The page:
Pierce’s campaign has focused primarily on a central tenet that jobs are key to individual and state health in Oregon, and good education produces workers prepared for the job market. Much of his platform stems from that principle, which we wholeheartedly agree with. Jobs – and people qualified to work them – would do a lot for Oregon.

Pierce has proposed addressing Oregon’s massive PERS budget problem by requiring PERS-eligible employees to contribute more to the retirement system, vowing to hire more teachers with savings once that is accomplished. His platform is viewable at http://www.budpierce.com/issues/.

Pierce’s one big stumble occurred in a debate before the City Club in Portland Oct. 1 when he suggested successful women are safer from sexual violence. This came after his opponent, Oregon Gov. Kate Brown, admitted to being a victim of domestic violence.

Criticism has been hot and heavy, particularly from Democratic leadership.

Most news reports of the incident only quoted Pierce as stating that “A woman that has a great education and training and a great job is not susceptible to this kind of abuse by men, women or anyone.” They did not add the rest of what he said: “OK, so, powerful women have access to lawyers and courts and go at it. But the women who are most vulnerable are poor women who don’t have a place to turn, because they don’t have shelter or family around them. So I would argue that in addition to strong laws and going after every sexual predator and every abuser, the way we can make every woman … less susceptible to being harmed is to make them powerful.”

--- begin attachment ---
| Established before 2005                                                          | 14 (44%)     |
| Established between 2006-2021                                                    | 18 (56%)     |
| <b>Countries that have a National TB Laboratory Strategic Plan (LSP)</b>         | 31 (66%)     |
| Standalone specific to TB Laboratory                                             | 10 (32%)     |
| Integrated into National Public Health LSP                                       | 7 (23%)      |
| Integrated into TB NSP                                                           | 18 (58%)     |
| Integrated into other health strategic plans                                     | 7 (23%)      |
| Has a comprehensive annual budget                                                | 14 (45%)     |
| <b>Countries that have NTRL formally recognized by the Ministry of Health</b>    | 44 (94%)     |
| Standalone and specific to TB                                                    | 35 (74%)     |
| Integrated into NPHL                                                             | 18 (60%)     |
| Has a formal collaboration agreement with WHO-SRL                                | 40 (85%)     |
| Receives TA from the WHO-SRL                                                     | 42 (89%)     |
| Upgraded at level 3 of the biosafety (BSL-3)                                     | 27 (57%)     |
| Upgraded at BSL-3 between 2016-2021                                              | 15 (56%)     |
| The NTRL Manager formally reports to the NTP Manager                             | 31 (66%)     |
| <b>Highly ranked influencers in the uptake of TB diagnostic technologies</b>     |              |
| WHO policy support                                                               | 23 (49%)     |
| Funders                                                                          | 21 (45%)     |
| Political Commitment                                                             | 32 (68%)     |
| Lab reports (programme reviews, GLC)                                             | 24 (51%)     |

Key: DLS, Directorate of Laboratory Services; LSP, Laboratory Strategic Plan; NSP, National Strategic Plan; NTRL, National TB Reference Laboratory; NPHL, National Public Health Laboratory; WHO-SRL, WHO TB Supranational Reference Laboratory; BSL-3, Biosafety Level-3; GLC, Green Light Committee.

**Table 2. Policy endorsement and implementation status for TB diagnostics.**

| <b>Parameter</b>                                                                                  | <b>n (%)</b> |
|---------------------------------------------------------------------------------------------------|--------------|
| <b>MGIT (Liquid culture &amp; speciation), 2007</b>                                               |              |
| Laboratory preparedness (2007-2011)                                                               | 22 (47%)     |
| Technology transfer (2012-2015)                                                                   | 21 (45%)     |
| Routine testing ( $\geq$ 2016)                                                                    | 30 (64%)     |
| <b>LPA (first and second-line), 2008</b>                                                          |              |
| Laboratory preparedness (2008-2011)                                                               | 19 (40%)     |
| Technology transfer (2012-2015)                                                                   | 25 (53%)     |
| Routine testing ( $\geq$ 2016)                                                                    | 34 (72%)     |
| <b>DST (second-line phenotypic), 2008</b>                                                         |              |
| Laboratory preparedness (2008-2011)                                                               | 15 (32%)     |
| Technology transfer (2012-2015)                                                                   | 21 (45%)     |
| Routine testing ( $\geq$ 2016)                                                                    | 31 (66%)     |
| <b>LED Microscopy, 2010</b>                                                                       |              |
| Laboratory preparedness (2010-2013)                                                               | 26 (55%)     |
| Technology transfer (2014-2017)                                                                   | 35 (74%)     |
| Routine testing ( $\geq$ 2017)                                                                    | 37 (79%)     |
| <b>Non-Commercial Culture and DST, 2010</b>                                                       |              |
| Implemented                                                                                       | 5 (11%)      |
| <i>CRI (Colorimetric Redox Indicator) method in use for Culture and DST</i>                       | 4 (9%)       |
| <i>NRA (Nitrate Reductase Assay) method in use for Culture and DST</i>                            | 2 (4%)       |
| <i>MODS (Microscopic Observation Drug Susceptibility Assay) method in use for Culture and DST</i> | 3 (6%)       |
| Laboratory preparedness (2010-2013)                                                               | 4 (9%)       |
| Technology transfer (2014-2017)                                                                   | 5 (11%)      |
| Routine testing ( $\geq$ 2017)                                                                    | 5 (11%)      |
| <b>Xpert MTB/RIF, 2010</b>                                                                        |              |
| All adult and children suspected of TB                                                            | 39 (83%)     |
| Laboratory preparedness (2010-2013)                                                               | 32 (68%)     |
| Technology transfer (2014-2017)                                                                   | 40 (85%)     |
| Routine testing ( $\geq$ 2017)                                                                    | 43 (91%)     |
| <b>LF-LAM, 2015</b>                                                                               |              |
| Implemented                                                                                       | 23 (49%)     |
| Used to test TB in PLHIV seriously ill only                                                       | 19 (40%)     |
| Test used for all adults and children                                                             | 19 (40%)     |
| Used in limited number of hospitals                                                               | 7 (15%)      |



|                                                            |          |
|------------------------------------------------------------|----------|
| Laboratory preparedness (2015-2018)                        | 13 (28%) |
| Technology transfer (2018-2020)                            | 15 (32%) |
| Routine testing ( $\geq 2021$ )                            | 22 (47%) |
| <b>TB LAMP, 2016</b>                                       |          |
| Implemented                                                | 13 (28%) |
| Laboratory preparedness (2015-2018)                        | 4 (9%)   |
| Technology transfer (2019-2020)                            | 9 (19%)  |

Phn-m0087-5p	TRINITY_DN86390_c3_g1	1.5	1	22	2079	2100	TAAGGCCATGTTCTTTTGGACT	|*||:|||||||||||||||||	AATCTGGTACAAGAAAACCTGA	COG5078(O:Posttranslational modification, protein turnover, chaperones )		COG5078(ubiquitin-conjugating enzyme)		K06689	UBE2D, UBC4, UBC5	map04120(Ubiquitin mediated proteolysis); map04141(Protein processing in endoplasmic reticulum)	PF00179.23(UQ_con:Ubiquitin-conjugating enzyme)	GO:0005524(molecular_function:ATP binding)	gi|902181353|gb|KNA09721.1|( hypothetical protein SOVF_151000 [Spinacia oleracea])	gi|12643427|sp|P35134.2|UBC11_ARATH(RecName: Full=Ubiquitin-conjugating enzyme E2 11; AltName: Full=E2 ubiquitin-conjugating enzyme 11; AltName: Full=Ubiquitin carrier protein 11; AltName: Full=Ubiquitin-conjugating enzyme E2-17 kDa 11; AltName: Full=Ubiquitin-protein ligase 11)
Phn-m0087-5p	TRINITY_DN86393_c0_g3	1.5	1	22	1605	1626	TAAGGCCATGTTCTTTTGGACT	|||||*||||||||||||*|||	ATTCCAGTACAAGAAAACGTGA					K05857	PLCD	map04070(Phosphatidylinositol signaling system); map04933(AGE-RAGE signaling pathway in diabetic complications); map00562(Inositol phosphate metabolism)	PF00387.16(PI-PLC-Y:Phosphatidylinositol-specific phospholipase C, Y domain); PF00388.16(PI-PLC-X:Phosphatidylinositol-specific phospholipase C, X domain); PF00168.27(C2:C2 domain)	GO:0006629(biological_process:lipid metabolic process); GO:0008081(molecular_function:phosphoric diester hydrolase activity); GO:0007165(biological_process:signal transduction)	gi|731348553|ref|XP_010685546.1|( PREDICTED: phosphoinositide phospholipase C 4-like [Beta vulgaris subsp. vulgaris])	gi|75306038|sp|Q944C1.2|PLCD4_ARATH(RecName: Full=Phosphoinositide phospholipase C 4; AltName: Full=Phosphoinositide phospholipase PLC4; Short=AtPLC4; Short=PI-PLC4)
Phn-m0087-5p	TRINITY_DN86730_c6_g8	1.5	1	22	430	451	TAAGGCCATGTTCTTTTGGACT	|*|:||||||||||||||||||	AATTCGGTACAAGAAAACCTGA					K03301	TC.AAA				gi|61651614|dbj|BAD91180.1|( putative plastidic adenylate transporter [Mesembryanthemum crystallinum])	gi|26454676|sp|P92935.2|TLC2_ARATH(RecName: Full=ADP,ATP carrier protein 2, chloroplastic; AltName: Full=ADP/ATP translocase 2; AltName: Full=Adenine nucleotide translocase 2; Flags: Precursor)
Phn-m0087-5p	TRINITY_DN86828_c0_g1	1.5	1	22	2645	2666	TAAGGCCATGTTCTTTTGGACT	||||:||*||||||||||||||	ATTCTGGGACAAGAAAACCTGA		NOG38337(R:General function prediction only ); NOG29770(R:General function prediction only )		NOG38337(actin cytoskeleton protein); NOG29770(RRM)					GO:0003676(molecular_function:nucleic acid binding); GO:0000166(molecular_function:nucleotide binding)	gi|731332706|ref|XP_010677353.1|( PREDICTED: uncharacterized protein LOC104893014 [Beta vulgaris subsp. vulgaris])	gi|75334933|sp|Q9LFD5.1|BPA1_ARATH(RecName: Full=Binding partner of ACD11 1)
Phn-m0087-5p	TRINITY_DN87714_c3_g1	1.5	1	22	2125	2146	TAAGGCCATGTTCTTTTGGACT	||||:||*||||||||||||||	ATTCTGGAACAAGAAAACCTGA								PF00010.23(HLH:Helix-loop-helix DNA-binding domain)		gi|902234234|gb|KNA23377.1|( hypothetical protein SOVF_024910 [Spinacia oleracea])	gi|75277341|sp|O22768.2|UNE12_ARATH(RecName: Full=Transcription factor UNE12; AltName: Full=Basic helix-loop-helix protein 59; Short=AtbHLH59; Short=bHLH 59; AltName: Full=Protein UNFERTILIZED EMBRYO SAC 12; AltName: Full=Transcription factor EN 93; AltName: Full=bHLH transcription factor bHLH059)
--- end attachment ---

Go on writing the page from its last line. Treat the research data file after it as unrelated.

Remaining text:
Was this a simple case of very unfortunate choice of wording or is the guy calloused and cold toward victimized women? That’s what voters are going to have to decide.

Pierce apologized afterward to Brown, and told the Statesman Journal newspaper in Salem that it was “the worst moment of my campaign.”

We’re devoting more space here to Pierce because he’s had more to say than we’ve heard from Brown.

It’s clear to us that job creation should be a major concern for Ore-gon’s leaders.

It’s true that Pierce’s career has not been in politics, though he has served on advisory panels at the state government level. Brown is a veteran, but that, we think, is the problem. She’s a product of a system that has, at least for rural Oregonians, gotten us very little understanding, concern or action.

Pierce is intelligent, motivated, goal-driven and warm, which are all positive attributes for a chief executive. He’s emphasized the point that he’s spent a lot of time traveling the state, focusing on issues important to rural communities. How much credence that deserves is also a decision for voters, but it’s more than we’ve heard or seen from Brown.